“Open conflict” over ESG requirements in Europe’s €10trn packaged retail investment market

European Parliament at odds with Commission and supervisors over PRIIPs

A member of the European Parliament has declared “open conflict” with the European Commission after its decision to shelve proposals to introduce explicit ESG criteria into regulation governing retail investment products.

The regulation, relating to the €10trn market for packaged retail and insurance-based investment products (PRIIPs), was initially proposed in 2012. It will force financial institutions to provide Key Information Documents (KIDs) containing various details of their retail products to the public. In 2016, the Commission requested technical assistance from the European Supervisory Authorities to help it develop dedicated rules for environmental and social factors, to be included in the KID specifications. Those rules were being pursued through a Delegated Act – a non-legislative act to supplement or alter existing legislation.

The ESAs published their response this summer, concluding that “it would not in general be proportionate to establish specific and detailed standalone obligations at this time for PRIIPs that target specific environmental or social objectives. Such an approach would introduce legal uncertainty without heightening investor protection, given measures of a very similar kind applying already to such PRIIPs.”

The findings were informed by 34 responses to a public consultation from “national and international associations in the insurance and asset management business, dedicated responsible investment companies and organisations, banks, stock exchanges, interested individuals and other stakeholder groups”.

At an event hosted by NGO Finance Watch in Brussels last week, Green MEP Sven Giegold stressed the importance of engaging retail investors to help scale up the move to a greener financial system. He described the ESG amendments to the PRIIPS proposals as “our big achievement” and asked fellow panellist, Felicia Stanescu, Head of Financial Services Policy and International Affairs at Commission body DG FISMA: “Could you enlighten us as to what happened to this Delegated Act, which many in this room worked for?”

Stanescu replied that the ESAs had “looked at what a Delegated Act would add, and they looked at what exists already in legislation. But they see that actually there’s a lot that already exists which would – if supervisors applied things properly and rigorously – allow for better disclosure of ESG.”This refers to a statement from the ESAs, claiming that “existing sectoral measures in fact offer already, or are in the process of putting in place, a sufficiently stringent and flexible basis for the sound regulation of PRIIPs targeting environmental or social objectives, including such PRIIPs’ activities”.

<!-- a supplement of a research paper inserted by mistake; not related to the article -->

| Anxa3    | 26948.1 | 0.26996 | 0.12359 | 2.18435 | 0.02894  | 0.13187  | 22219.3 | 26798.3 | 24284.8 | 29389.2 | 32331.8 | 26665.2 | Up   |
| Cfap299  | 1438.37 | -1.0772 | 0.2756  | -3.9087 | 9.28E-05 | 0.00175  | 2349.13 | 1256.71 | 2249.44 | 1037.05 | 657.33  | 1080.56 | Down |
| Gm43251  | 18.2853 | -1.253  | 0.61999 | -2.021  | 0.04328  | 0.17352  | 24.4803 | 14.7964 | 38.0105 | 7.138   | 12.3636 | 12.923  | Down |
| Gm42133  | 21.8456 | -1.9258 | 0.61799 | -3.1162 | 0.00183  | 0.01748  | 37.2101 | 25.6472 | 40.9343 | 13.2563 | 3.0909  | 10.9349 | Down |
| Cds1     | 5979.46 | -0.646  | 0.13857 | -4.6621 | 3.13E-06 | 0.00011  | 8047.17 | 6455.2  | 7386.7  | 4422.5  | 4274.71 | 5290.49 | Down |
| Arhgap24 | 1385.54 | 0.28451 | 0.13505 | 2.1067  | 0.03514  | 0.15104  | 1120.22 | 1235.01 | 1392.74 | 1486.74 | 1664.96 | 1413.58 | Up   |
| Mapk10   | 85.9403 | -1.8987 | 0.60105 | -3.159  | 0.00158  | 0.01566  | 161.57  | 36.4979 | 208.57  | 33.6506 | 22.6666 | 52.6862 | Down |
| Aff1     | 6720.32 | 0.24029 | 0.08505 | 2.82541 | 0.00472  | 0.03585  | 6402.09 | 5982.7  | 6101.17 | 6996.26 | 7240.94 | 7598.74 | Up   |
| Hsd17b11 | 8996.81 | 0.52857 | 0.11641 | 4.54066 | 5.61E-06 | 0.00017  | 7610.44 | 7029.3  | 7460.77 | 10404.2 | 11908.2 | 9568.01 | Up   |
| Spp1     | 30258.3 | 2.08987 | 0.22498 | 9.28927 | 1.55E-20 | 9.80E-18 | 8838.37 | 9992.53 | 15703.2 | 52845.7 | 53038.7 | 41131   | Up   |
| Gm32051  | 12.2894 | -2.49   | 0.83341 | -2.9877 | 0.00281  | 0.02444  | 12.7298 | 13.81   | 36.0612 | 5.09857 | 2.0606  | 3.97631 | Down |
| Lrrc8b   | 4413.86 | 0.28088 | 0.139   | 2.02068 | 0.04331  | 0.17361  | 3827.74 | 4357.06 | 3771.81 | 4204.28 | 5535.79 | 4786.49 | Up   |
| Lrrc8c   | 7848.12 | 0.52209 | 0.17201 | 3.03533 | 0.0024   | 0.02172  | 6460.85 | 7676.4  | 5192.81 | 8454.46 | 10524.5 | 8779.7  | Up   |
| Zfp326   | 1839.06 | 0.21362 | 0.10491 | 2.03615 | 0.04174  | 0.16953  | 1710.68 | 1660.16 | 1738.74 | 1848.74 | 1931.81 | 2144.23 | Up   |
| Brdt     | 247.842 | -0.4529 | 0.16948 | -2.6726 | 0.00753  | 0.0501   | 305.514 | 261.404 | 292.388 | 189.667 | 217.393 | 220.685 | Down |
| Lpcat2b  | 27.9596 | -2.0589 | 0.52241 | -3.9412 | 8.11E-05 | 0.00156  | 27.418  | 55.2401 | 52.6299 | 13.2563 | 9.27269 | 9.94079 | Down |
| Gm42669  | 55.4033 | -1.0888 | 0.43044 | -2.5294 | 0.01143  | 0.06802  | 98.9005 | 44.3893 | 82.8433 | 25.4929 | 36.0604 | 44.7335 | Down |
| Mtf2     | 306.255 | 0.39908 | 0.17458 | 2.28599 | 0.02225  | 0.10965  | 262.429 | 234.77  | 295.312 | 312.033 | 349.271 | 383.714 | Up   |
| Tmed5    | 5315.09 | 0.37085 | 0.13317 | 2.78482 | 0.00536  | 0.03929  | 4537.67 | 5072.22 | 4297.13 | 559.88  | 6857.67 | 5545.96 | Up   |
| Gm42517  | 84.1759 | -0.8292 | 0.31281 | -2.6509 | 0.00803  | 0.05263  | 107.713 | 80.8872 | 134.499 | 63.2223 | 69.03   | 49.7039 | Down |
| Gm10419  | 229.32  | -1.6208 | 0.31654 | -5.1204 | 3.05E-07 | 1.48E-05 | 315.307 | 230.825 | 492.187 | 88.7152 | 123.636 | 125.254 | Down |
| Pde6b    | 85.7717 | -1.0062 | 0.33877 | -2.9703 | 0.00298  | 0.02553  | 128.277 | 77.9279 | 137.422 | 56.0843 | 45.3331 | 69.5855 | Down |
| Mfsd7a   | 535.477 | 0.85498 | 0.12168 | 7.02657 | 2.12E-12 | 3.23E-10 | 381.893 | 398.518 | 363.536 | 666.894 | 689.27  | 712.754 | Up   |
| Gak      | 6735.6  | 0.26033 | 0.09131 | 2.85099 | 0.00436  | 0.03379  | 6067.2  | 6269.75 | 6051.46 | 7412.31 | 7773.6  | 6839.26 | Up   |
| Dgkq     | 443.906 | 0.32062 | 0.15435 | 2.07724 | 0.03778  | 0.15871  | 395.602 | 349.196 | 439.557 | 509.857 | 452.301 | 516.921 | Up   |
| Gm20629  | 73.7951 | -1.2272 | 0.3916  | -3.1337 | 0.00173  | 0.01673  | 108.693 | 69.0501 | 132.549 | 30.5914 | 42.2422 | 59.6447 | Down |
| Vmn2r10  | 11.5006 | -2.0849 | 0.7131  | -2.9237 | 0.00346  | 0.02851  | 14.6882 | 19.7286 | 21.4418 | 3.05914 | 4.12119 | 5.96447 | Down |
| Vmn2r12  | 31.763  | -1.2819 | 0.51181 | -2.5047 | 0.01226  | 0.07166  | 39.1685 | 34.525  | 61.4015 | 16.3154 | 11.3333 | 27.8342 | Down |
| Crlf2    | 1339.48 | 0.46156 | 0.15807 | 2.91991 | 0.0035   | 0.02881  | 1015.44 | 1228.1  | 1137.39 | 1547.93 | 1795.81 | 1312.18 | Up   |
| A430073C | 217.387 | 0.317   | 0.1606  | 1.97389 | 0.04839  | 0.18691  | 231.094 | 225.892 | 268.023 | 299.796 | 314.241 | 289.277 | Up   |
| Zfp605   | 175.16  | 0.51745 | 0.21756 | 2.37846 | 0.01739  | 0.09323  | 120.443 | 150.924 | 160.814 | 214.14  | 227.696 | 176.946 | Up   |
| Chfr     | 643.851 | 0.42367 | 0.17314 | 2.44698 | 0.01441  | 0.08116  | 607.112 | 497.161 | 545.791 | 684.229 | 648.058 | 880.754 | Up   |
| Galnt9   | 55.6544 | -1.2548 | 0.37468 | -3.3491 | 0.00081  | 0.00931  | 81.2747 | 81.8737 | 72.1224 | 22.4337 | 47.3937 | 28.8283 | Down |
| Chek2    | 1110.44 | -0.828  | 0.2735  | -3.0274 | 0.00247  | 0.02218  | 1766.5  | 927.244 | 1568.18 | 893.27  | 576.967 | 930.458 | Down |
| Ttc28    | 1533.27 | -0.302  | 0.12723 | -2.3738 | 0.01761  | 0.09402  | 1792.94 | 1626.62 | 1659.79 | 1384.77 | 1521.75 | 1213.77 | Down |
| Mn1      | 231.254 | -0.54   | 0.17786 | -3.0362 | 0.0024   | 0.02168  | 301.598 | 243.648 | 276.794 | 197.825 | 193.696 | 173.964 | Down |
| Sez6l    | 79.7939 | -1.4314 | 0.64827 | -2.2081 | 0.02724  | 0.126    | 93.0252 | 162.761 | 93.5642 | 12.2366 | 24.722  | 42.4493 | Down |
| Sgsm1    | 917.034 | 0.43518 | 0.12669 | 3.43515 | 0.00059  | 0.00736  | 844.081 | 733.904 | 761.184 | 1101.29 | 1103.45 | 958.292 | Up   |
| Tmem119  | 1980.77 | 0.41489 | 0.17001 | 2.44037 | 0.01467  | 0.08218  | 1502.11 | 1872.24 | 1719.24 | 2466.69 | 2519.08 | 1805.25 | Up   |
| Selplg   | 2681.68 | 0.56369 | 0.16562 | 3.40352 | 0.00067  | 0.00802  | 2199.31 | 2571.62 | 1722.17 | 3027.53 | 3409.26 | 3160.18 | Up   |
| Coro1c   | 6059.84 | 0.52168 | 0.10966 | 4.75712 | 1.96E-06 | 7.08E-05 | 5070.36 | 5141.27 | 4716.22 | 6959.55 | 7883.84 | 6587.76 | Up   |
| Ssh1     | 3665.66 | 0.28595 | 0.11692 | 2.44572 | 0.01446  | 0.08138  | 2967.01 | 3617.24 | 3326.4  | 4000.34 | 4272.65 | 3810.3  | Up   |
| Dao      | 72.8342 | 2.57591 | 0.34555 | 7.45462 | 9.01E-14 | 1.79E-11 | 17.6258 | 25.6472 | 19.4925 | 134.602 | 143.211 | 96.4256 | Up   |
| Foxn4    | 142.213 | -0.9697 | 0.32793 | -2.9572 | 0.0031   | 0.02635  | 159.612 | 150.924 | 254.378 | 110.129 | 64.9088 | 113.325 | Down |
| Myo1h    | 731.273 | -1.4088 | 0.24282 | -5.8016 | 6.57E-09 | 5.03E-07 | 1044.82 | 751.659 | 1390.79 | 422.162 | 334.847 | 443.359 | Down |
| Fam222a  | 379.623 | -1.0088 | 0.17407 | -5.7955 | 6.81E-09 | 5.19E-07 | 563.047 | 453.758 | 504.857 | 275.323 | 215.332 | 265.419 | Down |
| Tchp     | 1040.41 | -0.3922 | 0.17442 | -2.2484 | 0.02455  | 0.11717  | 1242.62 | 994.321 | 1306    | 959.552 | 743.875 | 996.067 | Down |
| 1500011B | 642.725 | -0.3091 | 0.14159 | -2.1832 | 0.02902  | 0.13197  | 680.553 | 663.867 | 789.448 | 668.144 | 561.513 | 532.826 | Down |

The ESAs say they noted various issues when drawing their conclusions. These included the fact that ESG objectives and investment strategies “can be very varied”; and that industry-led standards around ESG would evolve “such that a determination of an EU-wide boundary between specific environmental or social objectives and other objectives remains difficult and possibly ill-advised”.

Stanescu said that instead of taking a fragmented approach to legislative amendments to promote sustainability, the Commission had decided instead to launch its fiduciary duty consultation in a bid to deal with the issue in a more holistic way.

“We thought a better approach would be a more comprehensive one, which is why we launched this consultation on investor duties. So we thought that rather than go and add it to just to one area through a Delegated Act… [we would] look at investor duties across the board – asset managers, pension funds, insurance companies – and see what we can do in legislation to strengthen their duty of care to include ESG factors and risks.”

The Commission has also confirmed this week that it plans to prioritise the creation of a taxonomy to help develop European standards around green investing.

Giegold said he was “highly disappointed” and “really angry” with the decision, accusing the Commission of “ignoring the legislative decisions of the Parliament”. “I really regard this as obstruction from your side,” he told Stanescu. “It was the first time European regulation recognised sustainable finance, and it’s now your job to come up with what you are legally required to for this Delegated Act.

“We can do the other steps later, and we are fully supportive of the other work you are doing, but you cannot say that when it comes to consumers and their information, we don’t expect details to be given, and the financial industry can say whatever they want is ‘sustainable finance’. That is not acceptable and I would like it to be noted here as an open conflict.”

A Delegated Act is called so because it is delegated to the Commission by the Parliament. But the process of delegation can also be revoked by Parliament and the European Council if they see fit.